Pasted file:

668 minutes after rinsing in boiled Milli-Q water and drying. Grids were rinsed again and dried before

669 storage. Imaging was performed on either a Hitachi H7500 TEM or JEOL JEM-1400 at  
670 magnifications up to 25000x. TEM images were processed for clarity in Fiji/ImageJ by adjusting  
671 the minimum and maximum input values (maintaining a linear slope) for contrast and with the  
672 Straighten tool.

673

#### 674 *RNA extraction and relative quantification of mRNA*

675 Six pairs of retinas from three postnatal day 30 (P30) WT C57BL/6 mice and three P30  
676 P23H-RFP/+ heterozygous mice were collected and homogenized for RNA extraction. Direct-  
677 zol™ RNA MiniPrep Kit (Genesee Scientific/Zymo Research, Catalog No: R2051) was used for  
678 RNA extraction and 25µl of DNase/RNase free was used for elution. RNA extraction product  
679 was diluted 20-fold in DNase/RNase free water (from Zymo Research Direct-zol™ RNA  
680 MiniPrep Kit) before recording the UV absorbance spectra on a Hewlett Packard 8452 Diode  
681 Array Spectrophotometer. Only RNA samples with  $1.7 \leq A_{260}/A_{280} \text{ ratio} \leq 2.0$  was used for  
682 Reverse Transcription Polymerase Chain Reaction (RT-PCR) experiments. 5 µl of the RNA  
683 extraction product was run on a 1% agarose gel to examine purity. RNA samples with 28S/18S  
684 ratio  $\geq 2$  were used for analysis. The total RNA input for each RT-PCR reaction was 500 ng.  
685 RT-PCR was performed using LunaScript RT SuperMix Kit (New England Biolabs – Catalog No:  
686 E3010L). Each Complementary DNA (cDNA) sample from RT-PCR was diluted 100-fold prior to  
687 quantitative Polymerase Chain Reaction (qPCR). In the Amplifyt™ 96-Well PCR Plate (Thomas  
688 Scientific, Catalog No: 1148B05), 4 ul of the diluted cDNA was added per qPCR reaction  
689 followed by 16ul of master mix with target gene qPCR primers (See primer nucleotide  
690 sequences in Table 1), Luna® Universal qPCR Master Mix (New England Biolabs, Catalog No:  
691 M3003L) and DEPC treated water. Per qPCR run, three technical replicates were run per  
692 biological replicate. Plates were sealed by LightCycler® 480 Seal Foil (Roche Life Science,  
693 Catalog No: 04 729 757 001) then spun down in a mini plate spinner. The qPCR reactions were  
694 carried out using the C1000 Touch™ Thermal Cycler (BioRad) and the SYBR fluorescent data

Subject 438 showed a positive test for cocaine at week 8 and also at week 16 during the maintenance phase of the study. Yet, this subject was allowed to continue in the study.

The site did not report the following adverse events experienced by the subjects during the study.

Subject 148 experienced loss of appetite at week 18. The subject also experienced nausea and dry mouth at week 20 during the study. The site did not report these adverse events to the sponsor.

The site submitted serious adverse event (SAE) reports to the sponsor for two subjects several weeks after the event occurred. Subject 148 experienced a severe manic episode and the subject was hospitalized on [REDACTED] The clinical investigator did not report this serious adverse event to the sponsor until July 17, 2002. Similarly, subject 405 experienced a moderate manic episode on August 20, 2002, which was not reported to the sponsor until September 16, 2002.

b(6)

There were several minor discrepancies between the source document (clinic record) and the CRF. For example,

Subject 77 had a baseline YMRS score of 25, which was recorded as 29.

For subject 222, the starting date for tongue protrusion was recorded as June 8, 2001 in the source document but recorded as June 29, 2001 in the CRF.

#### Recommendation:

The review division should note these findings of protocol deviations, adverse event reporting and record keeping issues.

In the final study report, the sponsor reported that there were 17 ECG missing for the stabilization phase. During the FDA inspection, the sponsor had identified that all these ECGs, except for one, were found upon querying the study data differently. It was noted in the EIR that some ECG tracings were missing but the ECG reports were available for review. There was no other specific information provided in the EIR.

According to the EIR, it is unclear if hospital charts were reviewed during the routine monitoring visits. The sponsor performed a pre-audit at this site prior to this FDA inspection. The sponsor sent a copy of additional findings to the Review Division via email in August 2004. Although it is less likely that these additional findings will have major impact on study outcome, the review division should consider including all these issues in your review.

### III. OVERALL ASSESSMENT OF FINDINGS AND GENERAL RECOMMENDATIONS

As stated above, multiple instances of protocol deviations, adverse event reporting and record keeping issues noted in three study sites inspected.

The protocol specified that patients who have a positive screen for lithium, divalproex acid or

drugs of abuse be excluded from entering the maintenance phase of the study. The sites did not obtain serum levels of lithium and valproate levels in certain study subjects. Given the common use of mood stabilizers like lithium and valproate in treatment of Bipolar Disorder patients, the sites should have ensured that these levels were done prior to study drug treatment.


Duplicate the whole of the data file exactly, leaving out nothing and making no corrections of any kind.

668 minutes after rinsing in boiled Milli-Q water and drying. Grids were rinsed again and dried before

669 storage. Imaging was performed on either a Hitachi H7500 TEM or JEOL JEM-1400 at  
670 magnifications up to 25000x. TEM images were processed for clarity in Fiji/ImageJ by adjusting  
671 the minimum and maximum input values (maintaining a linear slope) for contrast and with the  
672 Straighten tool.

673

#### 674 *RNA extraction and relative quantification of mRNA*

675 Six pairs of retinas from three postnatal day 30 (P30) WT C57BL/6 mice and three P30  
676 P23H-RFP/+ heterozygous mice were collected and homogenized for RNA extraction. Direct-  
677 zol™ RNA MiniPrep Kit (Genesee Scientific/Zymo Research, Catalog No: R2051) was used for  
678 RNA extraction and 25µl of DNase/RNase free was used for elution. RNA extraction product  
679 was diluted 20-fold in DNase/RNase free water (from Zymo Research Direct-zol™ RNA  
680 MiniPrep Kit) before recording the UV absorbance spectra on a Hewlett Packard 8452 Diode  
681 Array Spectrophotometer. Only RNA samples with  $1.7 \leq A_{260}/A_{280} \text{ ratio} \leq 2.0$  was used for  
682 Reverse Transcription Polymerase Chain Reaction (RT-PCR) experiments. 5 µl of the RNA  
683 extraction product was run on a 1% agarose gel to examine purity. RNA samples with 28S/18S  
684 ratio  $\geq 2$  were used for analysis. The total RNA input for each RT-PCR reaction was 500 ng.  
685 RT-PCR was performed using LunaScript RT SuperMix Kit (New England Biolabs – Catalog No:  
686 E3010L). Each Complementary DNA (cDNA) sample from RT-PCR was diluted 100-fold prior to  
687 quantitative Polymerase Chain Reaction (qPCR). In the Amplifyt™ 96-Well PCR Plate (Thomas  
688 Scientific, Catalog No: 1148B05), 4 ul of the diluted cDNA was added per qPCR reaction  
689 followed by 16ul of master mix with target gene qPCR primers (See primer nucleotide  
690 sequences in Table 1), Luna® Universal qPCR Master Mix (New England Biolabs, Catalog No:  
691 M3003L) and DEPC treated water. Per qPCR run, three technical replicates were run per  
692 biological replicate. Plates were sealed by LightCycler® 480 Seal Foil (Roche Life Science,  
693 Catalog No: 04 729 757 001) then spun down in a mini plate spinner. The qPCR reactions were  
694 carried out using the C1000 Touch™ Thermal Cycler (BioRad) and the SYBR fluorescent data

Subject 438 showed a positive test for cocaine at week 8 and also at week 16 during the maintenance phase of the study. Yet, this subject was allowed to continue in the study.

The site did not report the following adverse events experienced by the subjects during the study.

Subject 148 experienced loss of appetite at week 18. The subject also experienced nausea and dry mouth at week 20 during the study. The site did not report these adverse events to the sponsor.

The site submitted serious adverse event (SAE) reports to the sponsor for two subjects several weeks after the event occurred. Subject 148 experienced a severe manic episode and the subject was hospitalized on [REDACTED] The clinical investigator did not report this serious adverse event to the sponsor until July 17, 2002. Similarly, subject 405 experienced a moderate manic episode on August 20, 2002, which was not reported to the sponsor until September 16, 2002.

b(6)

There were several minor discrepancies between the source document (clinic record) and the CRF. For example,

Subject 77 had a baseline YMRS score of 25, which was recorded as 29.

For subject 222, the starting date for tongue protrusion was recorded as June 8, 2001 in the source document but recorded as June 29, 2001 in the CRF.

#### Recommendation:

The review division should note these findings of protocol deviations, adverse event reporting and record keeping issues.

In the final study report, the sponsor reported that there were 17 ECG missing for the stabilization phase. During the FDA inspection, the sponsor had identified that all these ECGs, except for one, were found upon querying the study data differently. It was noted in the EIR that some ECG tracings were missing but the ECG reports were available for review. There was no other specific information provided in the EIR.

According to the EIR, it is unclear if hospital charts were reviewed during the routine monitoring visits. The sponsor performed a pre-audit at this site prior to this FDA inspection. The sponsor sent a copy of additional findings to the Review Division via email in August 2004. Although it is less likely that these additional findings will have major impact on study outcome, the review division should consider including all these issues in your review.

### III. OVERALL ASSESSMENT OF FINDINGS AND GENERAL RECOMMENDATIONS

As stated above, multiple instances of protocol deviations, adverse event reporting and record keeping issues noted in three study sites inspected.

The protocol specified that patients who have a positive screen for lithium, divalproex acid or

drugs of abuse be excluded from entering the maintenance phase of the study. The sites did not obtain serum levels of lithium and valproate levels in certain study subjects. Given the common use of mood stabilizers like lithium and valproate in treatment of Bipolar Disorder patients, the sites should have ensured that these levels were done prior to study drug treatment.